(4/243) Regional-scale assembly rules and biodiversity of coral reefs.

Tropical reef fishes and corals exhibit highly predictable patterns of taxonomic composition across the Indian and Pacific Oceans. Despite steep longitudinal and latitudinal gradients in total species richness, the composition of these key taxa is constrained within a remarkably narrow range of values. Regional-scale variation in reef biodiversity is best explained by large-scale patterns in the availability of shallow-water habitat. Once habitat area is accounted for, there is surprisingly little residual effect of latitude or longitude. Low-diversity regions are most vulnerable to human impacts such as global warming, underscoring the urgent need for integrated management at multinational scales.  (+info)

(5/243) ENSO-like forcing on oceanic primary production during the Late Pleistocene.

Late Pleistocene changes in oceanic primary productivity along the equator in the Indian and Pacific oceans are revealed by quantitative changes in nanoplankton communities preserved in nine deep-sea cores. We show that variations in equatorial productivity are primarily caused by glacial-interglacial variability and by precession-controlled changes in the east-west thermocline slope of the Indo-Pacific. The precession-controlled variations in productivity are linked to processes similar to the Southern Oscillation phenomenon, and they precede changes in the oxygen isotopic ratio, which indicates that they are not the result of ice sheet fluctuations. The 30,000-year spectral peak in the tropical Indo-Pacific Ocean productivity records is also present in the Antarctica atmospheric CO2 record, suggesting an important role for equatorial biological productivity in modifying atmospheric CO2.  (+info)

(6/243) STI epidemics in the Indian Ocean region: can the phase be assessed?

The Indian Ocean provides a unique opportunity to curb the HIV epidemic in its nascent phase through strengthening STI control programmes. Making effective and appropriate health services available should be regarded as the first priority for STI control in the region and, whenever possible, core groups should be identified and targeted to interrupt transmission within such networks.  (+info)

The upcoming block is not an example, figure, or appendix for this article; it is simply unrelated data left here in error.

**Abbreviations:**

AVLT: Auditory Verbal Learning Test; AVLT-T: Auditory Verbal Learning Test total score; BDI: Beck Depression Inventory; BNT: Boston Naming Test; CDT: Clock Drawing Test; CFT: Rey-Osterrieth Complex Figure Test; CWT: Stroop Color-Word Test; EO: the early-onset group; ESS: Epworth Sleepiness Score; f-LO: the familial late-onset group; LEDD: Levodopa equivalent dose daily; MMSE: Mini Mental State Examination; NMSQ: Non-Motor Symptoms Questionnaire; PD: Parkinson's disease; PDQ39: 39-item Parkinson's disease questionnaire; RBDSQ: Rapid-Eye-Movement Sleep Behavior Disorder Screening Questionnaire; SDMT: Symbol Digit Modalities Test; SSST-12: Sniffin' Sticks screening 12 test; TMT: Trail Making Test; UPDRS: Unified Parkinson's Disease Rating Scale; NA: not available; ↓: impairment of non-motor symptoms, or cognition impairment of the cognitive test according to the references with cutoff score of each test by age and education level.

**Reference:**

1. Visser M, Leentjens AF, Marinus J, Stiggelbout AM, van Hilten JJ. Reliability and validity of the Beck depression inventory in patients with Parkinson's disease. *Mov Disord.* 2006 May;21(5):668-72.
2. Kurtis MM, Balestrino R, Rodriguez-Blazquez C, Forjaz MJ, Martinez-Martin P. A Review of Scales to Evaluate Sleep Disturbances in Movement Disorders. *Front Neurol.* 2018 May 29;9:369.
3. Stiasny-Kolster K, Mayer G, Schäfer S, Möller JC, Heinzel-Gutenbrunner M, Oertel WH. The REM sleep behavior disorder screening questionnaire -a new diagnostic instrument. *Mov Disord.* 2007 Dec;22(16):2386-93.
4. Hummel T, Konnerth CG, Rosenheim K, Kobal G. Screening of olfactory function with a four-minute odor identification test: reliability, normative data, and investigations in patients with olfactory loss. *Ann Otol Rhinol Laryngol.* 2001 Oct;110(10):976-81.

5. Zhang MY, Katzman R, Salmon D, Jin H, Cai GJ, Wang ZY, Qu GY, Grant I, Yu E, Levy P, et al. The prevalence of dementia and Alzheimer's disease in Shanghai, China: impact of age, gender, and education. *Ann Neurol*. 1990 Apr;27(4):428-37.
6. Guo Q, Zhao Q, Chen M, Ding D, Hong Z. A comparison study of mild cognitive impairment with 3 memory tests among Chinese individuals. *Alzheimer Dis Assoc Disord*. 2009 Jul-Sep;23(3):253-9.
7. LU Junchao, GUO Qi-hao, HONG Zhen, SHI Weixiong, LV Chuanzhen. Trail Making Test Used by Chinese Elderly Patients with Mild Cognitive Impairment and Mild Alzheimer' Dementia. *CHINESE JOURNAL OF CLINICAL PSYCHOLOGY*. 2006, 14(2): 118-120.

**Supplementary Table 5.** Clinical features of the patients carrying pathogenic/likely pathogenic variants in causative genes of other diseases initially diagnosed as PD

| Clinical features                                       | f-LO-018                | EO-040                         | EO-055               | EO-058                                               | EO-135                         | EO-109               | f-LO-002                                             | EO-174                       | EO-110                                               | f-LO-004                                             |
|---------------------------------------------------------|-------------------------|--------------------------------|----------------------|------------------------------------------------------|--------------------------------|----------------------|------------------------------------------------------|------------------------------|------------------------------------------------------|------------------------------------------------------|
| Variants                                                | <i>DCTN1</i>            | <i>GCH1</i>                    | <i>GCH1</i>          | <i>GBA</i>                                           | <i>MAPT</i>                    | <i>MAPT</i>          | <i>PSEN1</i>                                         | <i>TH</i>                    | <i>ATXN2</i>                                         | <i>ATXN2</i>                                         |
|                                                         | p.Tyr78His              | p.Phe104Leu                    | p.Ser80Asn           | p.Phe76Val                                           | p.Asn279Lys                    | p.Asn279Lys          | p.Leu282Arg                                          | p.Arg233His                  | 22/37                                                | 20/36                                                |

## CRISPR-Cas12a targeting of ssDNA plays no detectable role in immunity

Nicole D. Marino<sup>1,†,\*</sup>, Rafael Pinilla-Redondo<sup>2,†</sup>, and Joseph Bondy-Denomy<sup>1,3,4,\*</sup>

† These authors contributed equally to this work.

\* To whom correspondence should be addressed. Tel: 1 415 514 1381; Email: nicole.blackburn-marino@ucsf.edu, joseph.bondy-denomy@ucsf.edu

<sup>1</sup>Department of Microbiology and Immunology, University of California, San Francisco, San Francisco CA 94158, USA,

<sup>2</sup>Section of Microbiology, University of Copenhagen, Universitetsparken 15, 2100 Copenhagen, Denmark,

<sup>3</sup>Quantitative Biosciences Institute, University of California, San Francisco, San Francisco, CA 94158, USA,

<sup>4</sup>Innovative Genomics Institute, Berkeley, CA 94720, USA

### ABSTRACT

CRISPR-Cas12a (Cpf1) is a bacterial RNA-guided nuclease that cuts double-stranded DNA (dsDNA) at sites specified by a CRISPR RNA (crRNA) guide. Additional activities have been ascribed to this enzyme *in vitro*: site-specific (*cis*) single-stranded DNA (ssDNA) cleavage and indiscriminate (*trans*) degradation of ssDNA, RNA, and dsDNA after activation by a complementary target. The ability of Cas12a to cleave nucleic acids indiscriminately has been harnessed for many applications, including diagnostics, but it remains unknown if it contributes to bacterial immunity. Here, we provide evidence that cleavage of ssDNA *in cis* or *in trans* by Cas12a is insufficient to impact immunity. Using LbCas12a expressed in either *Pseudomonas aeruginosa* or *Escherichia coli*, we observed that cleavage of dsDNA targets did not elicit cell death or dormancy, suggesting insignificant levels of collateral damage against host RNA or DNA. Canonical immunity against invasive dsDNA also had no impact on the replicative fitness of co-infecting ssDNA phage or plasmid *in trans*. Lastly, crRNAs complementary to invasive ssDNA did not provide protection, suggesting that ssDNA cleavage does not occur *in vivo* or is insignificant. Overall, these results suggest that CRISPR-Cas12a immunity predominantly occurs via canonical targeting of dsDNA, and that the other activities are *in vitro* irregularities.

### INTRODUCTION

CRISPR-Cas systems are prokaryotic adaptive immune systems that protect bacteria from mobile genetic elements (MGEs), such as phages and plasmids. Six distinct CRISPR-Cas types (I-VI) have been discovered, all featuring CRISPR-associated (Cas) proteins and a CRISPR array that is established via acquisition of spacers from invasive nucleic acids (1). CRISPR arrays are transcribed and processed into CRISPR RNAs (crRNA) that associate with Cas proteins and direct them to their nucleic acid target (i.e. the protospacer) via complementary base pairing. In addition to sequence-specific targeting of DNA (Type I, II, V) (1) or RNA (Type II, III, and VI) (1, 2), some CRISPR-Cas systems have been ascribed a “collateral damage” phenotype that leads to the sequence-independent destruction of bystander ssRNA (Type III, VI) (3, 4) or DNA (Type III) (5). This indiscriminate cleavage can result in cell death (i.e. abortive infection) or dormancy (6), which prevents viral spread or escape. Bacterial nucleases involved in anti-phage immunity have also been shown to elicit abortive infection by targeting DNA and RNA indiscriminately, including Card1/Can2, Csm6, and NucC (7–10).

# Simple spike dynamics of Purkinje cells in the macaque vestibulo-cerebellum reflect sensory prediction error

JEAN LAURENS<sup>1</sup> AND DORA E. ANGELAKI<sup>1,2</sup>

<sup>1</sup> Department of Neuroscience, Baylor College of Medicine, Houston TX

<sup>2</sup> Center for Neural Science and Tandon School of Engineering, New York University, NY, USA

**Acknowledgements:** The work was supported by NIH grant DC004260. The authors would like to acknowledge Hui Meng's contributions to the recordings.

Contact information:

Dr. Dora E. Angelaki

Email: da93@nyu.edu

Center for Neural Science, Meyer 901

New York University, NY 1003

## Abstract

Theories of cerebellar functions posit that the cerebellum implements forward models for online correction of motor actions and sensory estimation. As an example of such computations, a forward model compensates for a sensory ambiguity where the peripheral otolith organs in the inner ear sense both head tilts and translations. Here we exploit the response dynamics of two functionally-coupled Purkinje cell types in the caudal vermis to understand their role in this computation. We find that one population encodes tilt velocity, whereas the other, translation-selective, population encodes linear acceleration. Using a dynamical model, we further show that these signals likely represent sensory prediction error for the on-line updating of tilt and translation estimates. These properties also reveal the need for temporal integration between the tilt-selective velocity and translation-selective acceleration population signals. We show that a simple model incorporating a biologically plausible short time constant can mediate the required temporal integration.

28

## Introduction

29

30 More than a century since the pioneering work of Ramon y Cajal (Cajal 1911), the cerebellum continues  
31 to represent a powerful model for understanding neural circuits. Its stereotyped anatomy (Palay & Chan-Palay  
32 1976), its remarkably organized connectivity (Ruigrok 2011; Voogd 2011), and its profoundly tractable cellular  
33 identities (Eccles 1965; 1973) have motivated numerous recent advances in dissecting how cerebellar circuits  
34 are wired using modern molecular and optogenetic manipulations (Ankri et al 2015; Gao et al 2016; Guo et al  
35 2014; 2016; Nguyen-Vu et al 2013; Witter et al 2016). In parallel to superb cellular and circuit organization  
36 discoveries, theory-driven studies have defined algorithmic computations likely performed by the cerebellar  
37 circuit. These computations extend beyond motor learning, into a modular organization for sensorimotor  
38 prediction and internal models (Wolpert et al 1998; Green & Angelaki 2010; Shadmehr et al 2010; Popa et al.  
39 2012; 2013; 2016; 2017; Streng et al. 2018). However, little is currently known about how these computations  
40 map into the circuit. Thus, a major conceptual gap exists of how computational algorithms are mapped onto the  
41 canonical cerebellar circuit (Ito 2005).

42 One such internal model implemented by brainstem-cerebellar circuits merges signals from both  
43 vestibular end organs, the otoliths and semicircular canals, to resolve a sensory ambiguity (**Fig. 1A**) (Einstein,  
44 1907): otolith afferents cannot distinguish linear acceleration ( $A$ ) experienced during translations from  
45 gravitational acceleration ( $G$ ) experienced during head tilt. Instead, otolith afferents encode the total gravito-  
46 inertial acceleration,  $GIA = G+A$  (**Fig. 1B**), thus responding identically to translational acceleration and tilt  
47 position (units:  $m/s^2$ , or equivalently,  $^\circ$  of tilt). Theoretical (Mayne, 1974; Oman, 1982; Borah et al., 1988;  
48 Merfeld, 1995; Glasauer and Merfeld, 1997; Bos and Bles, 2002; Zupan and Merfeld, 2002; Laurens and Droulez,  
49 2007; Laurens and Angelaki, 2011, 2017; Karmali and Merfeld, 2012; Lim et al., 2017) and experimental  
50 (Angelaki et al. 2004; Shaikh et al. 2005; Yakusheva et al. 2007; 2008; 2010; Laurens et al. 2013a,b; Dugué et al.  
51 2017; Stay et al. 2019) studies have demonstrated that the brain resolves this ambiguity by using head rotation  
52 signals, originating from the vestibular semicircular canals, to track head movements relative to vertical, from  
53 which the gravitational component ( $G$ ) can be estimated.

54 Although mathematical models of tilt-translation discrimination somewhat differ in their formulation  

(7/243) Streptococcus iniae infections in Red Sea cage-cultured and wild fishes.

Streptococcus iniae was isolated from 2 moribund wild Red Sea fishes, Pomadasys stridens (Pomadasyidae) and Synodus variegatus (Synodontidae), both collected in shallow waters along the Israeli coast of the Gulf of Eilat. The site is approximately 2 km from a mariculture cage farm in which streptococcal infections were diagnosed in previous years in the red drum Sciaenops ocellatus. This is the first report of S. iniae in Red Sea fishes. Biochemical and molecular similarities between the isolates from cultured fishes and those from the wild specimens suggest that a single strain is involved, and that 'amplification' and dispersal of this pathogen from captive to feral fishes have occurred. At the molecular level, the pathogen is different from the S. iniae isolates that have been afflicting the Israeli freshwater aquaculture in recent years. Although S. iniae prevalence in the wild fish populations of the area remains to be determined, the northernmost region of the Gulf of Eilat, virtually landlocked and with generally calm seas and weak currents, seems to be particularly vulnerable to the impact of diseases that develop in this mariculture system.  (+info)

(8/243) Cyanobacteria associated with coral black band disease in Caribbean and Indo-Pacific Reefs.

For 30 years it has been assumed that a single species of cyanobacteria, Phormidium corallyticum, is the volumetrically dominant component of all cases of black band disease (BBD) in coral. Cyanobacterium-specific 16S rRNA gene primers and terminal restriction fragment length polymorphism analyses were used to determine the phylogenetic diversity of these BBD cyanobacteria on coral reefs in the Caribbean and Indo-Pacific Seas. These analyses indicate that the cyanobacteria that inhabit BBD bacterial mats collected from the Caribbean and Indo-Pacific Seas belong to at least three different taxa, despite the fact that the corals in each case exhibit similar signs and patterns of BBD mat development.  (+info)